Characterization of ADRCs by Flow Cytometry
A total of 5×105 cells were incubated for 30 minutes at 4°C with mAbs against Ly-6A/E (ScaI), CD31, CD34, c-kit, flk-1, and Lin (BD Biosciences). To characterize the phenotypes of ADRCs, fluorescence-activated-cell sorter (FACS) analysis was performed using the FACS Caliber instrument (Becton Dickinson) and Cell Quest software (BD Biosciences).18
Real-Time Reverse Transcriptase-Polymerase Chain Reaction Analysis
Total RNA was isolated from cultured ADRCs and differentiated MAs using TRIzol Reagent (Invitrogen Life Technologies). Total RNA from the frozen tissues with liquid nitrogen (LN2) obtained at days 0, 3, and 7 after hind limb ischemia was extracted using FastPrep System (BIO 101). Real-time RT-PCR analysis of the VEGF, SDF-1, and GAPDH mRNAs was performed using 2 μg total RNA on Mx3000P Real-Time PCR System (Stratagene) using SYBR Green I as a double-stranded DNA-specific dye according to manufacturer’s instruction (Applied Biosystem).19 mRNA levels were expressed relative to the levels of GAPDH. Further information is described in the supplemental materials.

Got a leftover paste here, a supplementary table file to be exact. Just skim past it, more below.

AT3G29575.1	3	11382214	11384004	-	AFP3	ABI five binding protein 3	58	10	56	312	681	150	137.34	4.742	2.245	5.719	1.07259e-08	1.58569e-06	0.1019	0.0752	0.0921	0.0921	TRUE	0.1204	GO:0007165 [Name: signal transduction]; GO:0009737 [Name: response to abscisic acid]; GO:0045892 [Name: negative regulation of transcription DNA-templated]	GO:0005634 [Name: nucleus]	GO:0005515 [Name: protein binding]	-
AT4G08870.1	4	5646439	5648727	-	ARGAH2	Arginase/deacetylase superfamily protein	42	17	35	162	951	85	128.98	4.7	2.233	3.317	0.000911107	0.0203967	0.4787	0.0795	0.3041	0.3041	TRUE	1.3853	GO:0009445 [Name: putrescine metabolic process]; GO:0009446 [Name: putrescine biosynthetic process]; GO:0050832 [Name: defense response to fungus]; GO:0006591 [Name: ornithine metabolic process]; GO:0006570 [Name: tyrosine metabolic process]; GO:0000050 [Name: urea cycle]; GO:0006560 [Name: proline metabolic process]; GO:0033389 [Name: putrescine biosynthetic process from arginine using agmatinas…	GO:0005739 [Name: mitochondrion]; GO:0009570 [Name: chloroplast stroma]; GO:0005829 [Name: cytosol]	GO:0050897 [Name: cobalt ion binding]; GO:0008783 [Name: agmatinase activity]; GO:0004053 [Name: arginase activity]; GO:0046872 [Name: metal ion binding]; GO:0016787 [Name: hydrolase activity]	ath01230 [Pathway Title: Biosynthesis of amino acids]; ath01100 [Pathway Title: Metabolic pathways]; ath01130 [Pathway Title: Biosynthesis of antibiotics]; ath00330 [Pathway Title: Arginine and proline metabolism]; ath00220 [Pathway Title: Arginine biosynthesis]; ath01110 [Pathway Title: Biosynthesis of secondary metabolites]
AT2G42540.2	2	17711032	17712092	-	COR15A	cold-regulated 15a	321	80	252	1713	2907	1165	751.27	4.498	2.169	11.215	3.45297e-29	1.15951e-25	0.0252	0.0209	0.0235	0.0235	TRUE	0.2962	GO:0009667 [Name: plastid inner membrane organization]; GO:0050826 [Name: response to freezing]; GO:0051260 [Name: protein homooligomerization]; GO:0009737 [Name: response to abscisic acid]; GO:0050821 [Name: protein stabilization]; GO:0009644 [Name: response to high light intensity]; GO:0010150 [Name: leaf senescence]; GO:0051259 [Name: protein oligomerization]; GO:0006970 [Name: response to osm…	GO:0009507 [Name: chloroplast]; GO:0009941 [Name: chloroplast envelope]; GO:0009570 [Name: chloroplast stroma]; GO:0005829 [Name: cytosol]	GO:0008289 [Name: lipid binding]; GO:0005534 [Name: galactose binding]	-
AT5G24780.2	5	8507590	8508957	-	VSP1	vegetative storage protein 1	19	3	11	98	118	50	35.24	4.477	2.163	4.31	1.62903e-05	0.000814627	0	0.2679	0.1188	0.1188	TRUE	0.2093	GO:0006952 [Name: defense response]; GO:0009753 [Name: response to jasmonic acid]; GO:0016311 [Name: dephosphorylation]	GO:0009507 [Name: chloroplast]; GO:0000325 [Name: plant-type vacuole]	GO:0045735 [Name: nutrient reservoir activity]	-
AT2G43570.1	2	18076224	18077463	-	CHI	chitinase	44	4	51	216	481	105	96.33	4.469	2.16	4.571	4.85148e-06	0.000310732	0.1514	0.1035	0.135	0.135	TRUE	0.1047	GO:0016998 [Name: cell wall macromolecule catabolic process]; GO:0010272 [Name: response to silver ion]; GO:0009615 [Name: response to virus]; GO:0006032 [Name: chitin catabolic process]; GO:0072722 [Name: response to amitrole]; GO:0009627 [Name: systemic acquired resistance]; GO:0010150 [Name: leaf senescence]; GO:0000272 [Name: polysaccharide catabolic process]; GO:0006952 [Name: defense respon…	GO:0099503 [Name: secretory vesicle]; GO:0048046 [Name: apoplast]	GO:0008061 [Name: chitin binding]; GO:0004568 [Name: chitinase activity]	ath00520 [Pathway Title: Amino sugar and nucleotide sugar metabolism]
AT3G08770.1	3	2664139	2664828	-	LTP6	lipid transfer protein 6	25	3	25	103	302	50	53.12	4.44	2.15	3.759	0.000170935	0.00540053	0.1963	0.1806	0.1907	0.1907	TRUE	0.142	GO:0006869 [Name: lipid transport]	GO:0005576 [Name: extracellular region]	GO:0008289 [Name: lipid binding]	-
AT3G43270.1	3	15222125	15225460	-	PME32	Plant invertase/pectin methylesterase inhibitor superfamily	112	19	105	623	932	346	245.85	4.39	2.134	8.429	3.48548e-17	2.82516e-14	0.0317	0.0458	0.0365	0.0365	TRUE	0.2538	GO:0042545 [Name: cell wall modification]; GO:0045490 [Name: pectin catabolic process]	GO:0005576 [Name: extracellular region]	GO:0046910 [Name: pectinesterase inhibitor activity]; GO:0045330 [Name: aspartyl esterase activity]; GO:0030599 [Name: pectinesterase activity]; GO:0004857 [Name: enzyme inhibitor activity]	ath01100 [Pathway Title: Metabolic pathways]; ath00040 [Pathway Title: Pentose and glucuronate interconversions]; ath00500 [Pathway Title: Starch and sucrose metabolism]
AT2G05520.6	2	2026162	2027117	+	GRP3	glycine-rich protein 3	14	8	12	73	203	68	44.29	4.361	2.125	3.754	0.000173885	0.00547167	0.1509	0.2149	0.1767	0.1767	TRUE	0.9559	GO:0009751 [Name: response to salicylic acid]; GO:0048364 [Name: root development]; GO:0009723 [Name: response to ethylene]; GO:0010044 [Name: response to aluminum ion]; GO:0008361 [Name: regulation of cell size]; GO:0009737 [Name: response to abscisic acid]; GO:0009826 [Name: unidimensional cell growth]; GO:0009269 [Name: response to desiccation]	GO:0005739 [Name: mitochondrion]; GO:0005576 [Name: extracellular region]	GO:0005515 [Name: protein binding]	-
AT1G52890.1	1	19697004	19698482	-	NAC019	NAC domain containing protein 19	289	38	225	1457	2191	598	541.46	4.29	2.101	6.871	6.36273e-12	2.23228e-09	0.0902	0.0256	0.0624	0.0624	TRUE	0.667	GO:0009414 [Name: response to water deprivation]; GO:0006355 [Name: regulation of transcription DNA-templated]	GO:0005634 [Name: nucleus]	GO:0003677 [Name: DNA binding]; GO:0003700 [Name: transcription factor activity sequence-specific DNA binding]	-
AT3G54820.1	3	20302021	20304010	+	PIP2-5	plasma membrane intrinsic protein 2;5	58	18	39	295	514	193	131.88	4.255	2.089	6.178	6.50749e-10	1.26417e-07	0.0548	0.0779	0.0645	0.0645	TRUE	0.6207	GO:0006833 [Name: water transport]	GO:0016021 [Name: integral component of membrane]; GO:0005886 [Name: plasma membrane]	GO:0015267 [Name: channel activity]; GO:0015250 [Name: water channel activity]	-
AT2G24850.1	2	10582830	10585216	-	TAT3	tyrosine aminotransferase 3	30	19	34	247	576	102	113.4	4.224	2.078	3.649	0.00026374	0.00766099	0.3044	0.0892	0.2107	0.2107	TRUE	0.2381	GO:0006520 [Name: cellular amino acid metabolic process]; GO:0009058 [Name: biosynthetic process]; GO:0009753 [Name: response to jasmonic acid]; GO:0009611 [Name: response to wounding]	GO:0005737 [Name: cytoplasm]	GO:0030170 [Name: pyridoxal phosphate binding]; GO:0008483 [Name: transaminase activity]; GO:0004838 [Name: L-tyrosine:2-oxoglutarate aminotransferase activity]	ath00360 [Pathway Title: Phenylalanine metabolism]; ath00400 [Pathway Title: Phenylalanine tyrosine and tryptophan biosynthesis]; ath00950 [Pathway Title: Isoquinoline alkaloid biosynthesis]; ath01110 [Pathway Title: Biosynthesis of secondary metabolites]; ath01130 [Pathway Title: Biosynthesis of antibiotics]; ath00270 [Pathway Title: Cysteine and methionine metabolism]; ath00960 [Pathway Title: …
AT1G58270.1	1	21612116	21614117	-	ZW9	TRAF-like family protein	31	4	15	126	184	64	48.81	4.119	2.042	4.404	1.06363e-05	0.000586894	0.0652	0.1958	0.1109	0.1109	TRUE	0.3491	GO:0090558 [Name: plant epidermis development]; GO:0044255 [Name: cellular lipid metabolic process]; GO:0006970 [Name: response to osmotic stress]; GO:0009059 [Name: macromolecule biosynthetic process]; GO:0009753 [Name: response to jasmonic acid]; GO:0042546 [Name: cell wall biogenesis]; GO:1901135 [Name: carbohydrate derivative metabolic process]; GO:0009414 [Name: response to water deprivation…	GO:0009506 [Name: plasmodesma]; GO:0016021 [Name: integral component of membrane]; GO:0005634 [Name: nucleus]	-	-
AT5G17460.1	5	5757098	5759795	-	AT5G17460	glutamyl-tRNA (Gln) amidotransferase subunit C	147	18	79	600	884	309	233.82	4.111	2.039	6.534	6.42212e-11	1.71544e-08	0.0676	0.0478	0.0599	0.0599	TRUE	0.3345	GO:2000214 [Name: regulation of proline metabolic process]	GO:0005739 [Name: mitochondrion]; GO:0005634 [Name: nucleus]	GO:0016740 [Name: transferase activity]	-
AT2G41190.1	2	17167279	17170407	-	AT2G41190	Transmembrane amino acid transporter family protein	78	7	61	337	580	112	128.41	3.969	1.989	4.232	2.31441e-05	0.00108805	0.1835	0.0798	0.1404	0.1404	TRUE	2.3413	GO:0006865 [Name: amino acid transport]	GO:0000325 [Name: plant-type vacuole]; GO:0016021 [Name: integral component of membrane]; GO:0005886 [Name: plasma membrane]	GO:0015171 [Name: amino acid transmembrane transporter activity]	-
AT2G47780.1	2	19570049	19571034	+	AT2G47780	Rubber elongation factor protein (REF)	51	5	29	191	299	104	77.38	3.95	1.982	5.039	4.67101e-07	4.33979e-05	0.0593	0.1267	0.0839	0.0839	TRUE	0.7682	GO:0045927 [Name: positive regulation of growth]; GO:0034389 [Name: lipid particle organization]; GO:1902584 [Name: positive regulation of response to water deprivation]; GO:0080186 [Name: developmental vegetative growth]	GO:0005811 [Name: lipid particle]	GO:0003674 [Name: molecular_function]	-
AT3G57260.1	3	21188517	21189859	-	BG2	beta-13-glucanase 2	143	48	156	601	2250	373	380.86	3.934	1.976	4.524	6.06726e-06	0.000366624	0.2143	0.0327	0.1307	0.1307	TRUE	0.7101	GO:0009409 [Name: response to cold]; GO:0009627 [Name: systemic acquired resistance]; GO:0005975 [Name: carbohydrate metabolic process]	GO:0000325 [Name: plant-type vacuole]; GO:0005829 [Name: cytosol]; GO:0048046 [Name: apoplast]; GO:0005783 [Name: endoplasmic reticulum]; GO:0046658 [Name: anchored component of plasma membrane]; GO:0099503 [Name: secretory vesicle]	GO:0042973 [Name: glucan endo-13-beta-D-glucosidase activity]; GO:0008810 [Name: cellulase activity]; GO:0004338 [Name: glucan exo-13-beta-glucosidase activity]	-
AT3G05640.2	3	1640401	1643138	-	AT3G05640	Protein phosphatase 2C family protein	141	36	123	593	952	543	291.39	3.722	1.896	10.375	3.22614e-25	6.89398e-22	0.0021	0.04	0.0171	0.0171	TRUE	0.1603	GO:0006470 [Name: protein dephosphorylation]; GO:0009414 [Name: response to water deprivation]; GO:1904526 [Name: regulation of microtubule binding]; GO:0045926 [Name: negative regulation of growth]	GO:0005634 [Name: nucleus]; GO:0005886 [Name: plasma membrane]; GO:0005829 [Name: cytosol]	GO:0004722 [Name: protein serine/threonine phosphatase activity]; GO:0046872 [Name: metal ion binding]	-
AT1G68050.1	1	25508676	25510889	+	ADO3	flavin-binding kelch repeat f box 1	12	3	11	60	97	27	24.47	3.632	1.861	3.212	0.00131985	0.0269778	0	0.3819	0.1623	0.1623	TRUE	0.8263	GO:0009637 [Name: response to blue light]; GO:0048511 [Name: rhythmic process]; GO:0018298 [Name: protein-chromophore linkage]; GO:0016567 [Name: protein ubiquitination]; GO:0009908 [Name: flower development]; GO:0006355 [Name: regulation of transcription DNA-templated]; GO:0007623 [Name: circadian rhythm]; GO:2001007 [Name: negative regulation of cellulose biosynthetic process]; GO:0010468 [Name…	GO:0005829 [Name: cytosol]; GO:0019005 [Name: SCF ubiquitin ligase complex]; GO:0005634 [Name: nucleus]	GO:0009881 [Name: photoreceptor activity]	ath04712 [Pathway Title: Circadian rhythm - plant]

Conditioned medium were obtained from cultured ADRCs and MAs at 72 hours after final change of fresh DMEM/10%FBS. Concentrations of SDF-1α and VEGF proteins in the media were determined by ELISA (mouse CXCL12/SDF-1α Quantikine ELISA kit and mouse VEGF ELISA kit, R&D Systems) according to manufacturer’s instruction. Plasma levels of SDF-1α and VEGF at days 0, 3, and 7 after hind limb ischemia were also measured.
Mouse Model of Unilateral Hind Limb Ischemia